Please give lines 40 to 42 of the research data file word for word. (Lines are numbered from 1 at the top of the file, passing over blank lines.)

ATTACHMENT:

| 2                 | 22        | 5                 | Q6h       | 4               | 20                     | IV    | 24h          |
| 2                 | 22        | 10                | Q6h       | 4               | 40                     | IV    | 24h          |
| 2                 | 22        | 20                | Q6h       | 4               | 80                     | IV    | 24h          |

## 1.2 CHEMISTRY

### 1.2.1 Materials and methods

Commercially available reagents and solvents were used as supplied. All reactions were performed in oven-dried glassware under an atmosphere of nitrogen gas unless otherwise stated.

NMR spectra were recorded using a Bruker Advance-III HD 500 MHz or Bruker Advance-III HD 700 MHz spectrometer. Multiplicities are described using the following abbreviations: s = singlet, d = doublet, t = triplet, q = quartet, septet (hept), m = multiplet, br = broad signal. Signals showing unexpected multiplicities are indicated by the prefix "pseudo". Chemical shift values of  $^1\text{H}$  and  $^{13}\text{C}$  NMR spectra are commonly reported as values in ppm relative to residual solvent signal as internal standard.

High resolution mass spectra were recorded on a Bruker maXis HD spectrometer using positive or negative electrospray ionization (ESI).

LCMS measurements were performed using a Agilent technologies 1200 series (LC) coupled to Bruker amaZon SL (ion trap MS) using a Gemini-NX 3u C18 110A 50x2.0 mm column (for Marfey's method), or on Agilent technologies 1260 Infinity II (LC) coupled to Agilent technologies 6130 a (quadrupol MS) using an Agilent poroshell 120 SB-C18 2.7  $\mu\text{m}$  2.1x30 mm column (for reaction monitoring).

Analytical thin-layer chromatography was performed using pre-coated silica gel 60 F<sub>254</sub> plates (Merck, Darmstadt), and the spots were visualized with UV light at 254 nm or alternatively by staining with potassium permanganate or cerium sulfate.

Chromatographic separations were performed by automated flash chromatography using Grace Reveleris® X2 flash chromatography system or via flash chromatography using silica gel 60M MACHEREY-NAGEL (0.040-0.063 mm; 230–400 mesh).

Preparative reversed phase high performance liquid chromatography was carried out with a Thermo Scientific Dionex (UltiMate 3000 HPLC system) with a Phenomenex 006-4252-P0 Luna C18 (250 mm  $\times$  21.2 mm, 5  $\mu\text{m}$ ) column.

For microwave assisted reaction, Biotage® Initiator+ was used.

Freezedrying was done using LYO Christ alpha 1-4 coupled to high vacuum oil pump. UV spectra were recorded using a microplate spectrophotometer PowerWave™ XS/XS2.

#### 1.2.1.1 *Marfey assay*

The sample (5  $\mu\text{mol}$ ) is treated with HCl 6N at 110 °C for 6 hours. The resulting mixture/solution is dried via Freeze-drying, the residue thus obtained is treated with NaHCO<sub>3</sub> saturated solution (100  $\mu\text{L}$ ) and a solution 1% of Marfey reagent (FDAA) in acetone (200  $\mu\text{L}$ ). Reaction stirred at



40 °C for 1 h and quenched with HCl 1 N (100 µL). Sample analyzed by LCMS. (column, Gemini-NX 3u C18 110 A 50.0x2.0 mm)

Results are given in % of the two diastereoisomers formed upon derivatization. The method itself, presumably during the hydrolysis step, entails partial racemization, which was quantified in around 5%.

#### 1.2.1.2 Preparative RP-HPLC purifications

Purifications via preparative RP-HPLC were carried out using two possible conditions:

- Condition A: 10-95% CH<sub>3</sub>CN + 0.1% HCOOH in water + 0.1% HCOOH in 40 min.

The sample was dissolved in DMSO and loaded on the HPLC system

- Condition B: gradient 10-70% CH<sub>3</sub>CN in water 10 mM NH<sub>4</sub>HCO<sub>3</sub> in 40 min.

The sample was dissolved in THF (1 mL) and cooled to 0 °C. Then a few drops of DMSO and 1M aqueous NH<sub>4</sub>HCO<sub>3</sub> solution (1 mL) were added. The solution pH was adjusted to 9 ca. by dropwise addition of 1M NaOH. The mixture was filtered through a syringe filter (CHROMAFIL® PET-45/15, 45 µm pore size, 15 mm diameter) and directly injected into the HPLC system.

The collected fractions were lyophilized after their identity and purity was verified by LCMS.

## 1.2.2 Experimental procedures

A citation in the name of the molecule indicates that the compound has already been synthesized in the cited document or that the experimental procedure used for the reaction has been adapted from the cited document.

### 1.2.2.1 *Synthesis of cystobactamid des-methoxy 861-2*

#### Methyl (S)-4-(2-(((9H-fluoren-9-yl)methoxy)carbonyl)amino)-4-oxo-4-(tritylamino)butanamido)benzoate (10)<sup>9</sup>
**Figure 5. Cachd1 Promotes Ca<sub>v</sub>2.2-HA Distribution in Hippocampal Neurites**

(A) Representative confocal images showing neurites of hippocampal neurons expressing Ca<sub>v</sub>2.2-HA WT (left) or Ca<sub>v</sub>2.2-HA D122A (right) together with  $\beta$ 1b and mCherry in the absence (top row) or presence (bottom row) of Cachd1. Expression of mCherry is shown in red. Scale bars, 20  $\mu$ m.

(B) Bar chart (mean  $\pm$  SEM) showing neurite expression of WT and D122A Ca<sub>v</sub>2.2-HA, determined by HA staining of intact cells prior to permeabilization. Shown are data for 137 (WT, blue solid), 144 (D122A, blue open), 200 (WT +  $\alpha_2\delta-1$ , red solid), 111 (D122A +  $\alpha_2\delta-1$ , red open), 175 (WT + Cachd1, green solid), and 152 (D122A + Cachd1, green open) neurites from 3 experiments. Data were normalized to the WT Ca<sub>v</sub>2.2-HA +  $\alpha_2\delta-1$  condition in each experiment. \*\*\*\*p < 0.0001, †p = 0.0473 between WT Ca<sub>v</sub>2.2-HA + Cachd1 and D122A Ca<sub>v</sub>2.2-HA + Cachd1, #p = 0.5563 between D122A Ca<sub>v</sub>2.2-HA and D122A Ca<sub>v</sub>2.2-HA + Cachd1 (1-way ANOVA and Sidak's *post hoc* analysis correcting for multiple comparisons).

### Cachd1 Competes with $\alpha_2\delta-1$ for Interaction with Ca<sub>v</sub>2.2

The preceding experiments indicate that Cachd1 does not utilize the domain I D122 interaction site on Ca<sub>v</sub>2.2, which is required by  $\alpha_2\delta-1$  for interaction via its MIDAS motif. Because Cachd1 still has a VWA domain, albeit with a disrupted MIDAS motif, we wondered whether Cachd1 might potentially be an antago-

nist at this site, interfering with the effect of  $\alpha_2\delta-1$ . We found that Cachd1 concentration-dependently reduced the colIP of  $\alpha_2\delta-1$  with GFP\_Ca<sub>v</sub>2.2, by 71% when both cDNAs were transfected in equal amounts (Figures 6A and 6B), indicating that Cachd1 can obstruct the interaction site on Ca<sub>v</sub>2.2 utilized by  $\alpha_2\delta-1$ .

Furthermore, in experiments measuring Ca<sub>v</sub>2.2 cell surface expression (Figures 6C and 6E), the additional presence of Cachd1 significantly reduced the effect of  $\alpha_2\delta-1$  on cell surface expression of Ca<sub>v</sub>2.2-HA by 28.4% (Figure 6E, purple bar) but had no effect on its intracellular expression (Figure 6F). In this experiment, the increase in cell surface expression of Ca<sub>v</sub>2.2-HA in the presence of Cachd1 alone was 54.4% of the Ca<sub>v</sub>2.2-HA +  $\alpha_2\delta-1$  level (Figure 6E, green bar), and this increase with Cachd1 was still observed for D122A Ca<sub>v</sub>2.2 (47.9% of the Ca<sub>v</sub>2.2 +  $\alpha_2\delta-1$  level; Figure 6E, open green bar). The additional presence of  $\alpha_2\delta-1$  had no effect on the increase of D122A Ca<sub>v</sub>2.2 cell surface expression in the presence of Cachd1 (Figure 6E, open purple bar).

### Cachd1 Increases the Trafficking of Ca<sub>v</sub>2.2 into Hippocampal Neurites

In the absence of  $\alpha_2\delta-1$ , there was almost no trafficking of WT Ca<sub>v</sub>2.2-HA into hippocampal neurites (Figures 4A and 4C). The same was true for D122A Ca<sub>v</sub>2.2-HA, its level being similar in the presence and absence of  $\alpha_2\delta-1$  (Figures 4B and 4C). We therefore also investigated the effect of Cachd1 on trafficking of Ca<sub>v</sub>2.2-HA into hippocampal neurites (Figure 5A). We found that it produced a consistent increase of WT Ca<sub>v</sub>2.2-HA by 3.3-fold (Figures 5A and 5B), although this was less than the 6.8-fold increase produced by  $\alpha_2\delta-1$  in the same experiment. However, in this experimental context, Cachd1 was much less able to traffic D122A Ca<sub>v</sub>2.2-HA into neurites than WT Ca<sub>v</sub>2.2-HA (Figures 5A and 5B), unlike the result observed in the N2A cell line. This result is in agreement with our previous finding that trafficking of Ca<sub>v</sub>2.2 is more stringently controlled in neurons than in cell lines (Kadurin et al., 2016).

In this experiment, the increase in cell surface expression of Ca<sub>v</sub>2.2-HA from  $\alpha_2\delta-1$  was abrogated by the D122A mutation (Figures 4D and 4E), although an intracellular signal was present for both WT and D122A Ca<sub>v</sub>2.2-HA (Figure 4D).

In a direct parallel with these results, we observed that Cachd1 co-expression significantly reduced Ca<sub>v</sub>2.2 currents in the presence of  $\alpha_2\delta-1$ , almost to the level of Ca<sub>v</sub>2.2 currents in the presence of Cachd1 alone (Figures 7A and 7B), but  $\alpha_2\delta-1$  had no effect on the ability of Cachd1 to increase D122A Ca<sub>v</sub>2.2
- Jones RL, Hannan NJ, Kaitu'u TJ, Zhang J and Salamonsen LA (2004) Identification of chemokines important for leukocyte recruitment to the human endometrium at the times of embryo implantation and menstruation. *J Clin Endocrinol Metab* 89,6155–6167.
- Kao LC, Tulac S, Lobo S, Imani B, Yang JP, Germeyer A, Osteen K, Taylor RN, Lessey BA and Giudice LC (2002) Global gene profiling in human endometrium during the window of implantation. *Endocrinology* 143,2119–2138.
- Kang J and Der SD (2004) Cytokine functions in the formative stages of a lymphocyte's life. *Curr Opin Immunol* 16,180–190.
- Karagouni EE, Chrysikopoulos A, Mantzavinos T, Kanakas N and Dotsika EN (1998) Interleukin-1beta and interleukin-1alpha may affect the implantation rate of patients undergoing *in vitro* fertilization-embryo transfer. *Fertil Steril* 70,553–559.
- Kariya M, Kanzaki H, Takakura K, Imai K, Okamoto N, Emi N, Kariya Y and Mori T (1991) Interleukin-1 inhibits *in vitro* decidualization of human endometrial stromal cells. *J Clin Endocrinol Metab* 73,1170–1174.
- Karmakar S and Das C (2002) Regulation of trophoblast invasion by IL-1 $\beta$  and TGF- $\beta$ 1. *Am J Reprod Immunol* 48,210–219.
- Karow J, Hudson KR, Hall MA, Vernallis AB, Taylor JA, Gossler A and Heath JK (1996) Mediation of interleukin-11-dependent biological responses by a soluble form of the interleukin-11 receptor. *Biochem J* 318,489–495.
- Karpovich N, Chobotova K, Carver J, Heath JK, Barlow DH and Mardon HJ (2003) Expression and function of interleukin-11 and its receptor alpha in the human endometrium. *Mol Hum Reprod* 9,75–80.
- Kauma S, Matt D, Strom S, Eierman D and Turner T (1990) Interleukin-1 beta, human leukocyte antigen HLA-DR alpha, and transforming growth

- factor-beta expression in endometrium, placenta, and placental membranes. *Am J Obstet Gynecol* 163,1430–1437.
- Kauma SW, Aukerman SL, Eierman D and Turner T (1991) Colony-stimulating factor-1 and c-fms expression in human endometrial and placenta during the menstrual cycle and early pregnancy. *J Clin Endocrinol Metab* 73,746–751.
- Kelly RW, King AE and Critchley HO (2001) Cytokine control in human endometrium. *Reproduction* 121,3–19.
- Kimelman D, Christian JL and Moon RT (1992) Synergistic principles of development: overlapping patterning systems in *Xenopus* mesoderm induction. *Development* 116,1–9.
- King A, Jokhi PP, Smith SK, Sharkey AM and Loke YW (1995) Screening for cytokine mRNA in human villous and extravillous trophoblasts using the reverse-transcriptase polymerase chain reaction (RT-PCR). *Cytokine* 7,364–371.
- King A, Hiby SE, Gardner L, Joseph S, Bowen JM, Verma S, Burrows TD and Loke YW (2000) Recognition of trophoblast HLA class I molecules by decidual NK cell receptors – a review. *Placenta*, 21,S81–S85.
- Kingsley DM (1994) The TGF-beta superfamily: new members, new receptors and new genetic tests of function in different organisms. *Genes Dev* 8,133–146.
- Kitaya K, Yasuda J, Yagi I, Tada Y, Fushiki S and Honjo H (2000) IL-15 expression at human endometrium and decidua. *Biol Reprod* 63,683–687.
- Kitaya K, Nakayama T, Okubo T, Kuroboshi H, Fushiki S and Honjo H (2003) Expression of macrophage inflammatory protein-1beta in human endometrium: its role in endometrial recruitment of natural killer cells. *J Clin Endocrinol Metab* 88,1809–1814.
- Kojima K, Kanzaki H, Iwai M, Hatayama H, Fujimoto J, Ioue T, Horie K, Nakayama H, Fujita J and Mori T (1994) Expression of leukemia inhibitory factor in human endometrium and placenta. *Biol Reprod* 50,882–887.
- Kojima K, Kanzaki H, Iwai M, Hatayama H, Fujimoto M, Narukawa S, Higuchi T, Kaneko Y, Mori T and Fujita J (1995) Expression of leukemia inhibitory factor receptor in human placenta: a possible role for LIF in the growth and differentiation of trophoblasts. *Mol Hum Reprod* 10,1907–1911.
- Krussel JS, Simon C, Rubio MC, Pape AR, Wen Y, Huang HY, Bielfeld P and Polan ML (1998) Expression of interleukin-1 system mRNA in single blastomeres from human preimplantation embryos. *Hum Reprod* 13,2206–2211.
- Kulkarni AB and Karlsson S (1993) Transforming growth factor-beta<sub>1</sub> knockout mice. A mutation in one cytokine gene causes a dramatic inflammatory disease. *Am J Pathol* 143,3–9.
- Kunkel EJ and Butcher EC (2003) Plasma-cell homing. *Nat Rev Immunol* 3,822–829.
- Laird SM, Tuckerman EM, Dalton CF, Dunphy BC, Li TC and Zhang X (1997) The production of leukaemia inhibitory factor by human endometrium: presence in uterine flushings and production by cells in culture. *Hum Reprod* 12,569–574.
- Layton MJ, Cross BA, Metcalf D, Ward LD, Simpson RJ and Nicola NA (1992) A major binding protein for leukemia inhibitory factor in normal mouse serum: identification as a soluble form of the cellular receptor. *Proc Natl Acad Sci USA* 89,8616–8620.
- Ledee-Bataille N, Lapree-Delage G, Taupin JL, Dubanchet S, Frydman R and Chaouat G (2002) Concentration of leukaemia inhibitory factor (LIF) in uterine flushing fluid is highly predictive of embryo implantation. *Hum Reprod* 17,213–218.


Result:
In a direct parallel with these results, we observed that Cachd1 co-expression significantly reduced Ca<sub>v</sub>2.2 currents in the presence of  $\alpha_2\delta-1$ , almost to the level of Ca<sub>v</sub>2.2 currents in the presence of Cachd1 alone (Figures 7A and 7B), but  $\alpha_2\delta-1$  had no effect on the ability of Cachd1 to increase D122A Ca<sub>v</sub>2.2
- Jones RL, Hannan NJ, Kaitu'u TJ, Zhang J and Salamonsen LA (2004) Identification of chemokines important for leukocyte recruitment to the human endometrium at the times of embryo implantation and menstruation. *J Clin Endocrinol Metab* 89,6155–6167.
- Kao LC, Tulac S, Lobo S, Imani B, Yang JP, Germeyer A, Osteen K, Taylor RN, Lessey BA and Giudice LC (2002) Global gene profiling in human endometrium during the window of implantation. *Endocrinology* 143,2119–2138.